Alcohol / 02.06.2021

Decisions have added weight after going through rehabilitation. The priority you put on these decisions will determine the scope of your recovery period. To avoid a relapse, seeking out healthy social circles is the key. Distance Yourself from Triggers There are emotional triggers that will make you want a drink. Once you figure them out, it becomes much easier to avoid. Common triggers are people, relationships, and stress. During drug and alcohol rehabilitation, overcoming your weak points is a part of the process. People can unintentionally make you feel inadequate during normal conversations. When every other conversation with a specific individual causes this problem, you have to speak up. Let them know you’re uncomfortable with a specific subject. If they refuse to acknowledge it, move on and remove that trigger from your life. Short-term and long-term relationships have a big impact on your life. Breaking up with someone makes your future look bleak. When finding someone new fails, a sense of hopelessness sets in. The answer to resolving this problem is to ‘fully’ break up with someone. Staying in contact and reliving happy memories will give you false hope. Staying away from a former relationship trigger prevents bouts of drinking for the future. Stress can sometimes be related to time, or the lack of it. Time management is the best way to avoid this trigger. Having a plan means that you’re in a better position to complete your tasks. There is no need for fancy scheduling, and it helps create a good habit. When you’re productive, stress tends to take a backseat to everything else. (more…)
Alcohol, Author Interviews, Neurology / 22.08.2018

MedicalResearch.com Interview with: Erica Grodin, Ph.D. Postdoctoral Fellow Dept. of Psychology and Psychiatry University of California MedicalResearch.com: What is the background for this study? What are the main findings? Response: The hallmark of addictive disorders, including alcohol use disorder, is drug use that continues despite negative consequences. This pattern of use is referred to as “compulsive” and is one of the major barriers to treating addiction. We don’t yet fully understand what brain regions are responsible for compulsive alcohol use. Our study used a neuroimaging method called functional magnetic resonance imaging which allows us to see which areas of the brain are more active when an individual is performing a task. To investigate what brain regions are involved in compulsive alcohol seeking, we designed a task during which study participants could try to earn alcohol and food points at the risk of receiving a negative consequence, an electric shock. Study participants were light drinkers (men who drank <15 drinks/week and women who drank <10 drinks/week) and heavy drinkers (men who drank ≥20 drinks/week and women who drank ≥15 drinks/week). We found that heavy drinking individuals were more likely to try to earn alcohol points that were paired with a potential negative consequence than light drinkers were. This behavior of compulsive alcohol seeking was associated with increased brain activation in the medial prefrontal cortex, anterior insula, and ventral and dorsal striatum. (more…)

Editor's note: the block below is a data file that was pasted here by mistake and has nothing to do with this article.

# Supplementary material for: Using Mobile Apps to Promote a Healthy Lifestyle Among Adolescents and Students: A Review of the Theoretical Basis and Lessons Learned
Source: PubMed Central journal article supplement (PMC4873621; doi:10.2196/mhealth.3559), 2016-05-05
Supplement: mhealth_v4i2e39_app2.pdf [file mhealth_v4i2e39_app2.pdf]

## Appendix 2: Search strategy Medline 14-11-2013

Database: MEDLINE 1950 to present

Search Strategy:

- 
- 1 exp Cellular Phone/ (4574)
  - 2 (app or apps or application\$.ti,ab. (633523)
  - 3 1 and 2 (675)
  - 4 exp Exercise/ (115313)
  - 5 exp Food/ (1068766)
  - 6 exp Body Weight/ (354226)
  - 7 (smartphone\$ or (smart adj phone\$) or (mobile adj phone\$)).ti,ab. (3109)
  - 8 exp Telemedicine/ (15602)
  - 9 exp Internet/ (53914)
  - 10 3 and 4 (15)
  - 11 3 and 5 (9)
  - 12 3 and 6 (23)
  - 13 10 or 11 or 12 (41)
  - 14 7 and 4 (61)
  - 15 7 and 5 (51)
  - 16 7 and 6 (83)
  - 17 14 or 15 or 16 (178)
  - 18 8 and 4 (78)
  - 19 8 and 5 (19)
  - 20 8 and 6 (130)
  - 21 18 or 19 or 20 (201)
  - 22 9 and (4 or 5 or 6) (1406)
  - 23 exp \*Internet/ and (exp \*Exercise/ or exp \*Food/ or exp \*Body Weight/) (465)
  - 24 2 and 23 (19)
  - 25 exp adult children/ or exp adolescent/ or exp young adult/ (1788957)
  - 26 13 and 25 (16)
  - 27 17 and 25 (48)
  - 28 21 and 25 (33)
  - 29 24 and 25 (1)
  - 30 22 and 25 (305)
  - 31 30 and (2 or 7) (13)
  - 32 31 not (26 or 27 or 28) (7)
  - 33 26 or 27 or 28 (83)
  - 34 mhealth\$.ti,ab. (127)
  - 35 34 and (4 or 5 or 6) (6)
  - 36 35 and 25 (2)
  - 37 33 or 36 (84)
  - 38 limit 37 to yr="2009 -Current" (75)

Alcohol, Author Interviews, Genetic Research / 05.11.2014

Victor M. Karpyak, M.D., Ph.D. Medical Director, Intensive Addiction Treatment Program Director, Mayo Clinic Addiction Services Consultant, Department of Psychiatry and Psychology Assistant Professor of Psychiatry Mayo Clinic College of Medicine MedicalResearch.com Interview with: Victor M. Karpyak, M.D., Ph.D. Medical Director, Intensive Addiction Treatment Program Director, Mayo Clinic Addiction Services Consultant, Department of Psychiatry and Psychology Assistant Professor of Psychiatry Mayo Clinic College of Medicine Medical Research: What is the background for this study? Dr. Karpyak: The staggering costs of alcohol use disorders call for the development and implementation of evidence-based treatment strategies. Several medications (acamprosate, naltrexone, and disulfiram) were approved for treatment of alcohol use disorders; yet, only a fraction of patients respond to each medication. Clearly, response predictors are needed to improve treatment efficacy and personalize recommendations for treatment selection. It is expected that pharmacogenomic research will aid the discovery of such predictors. (more…)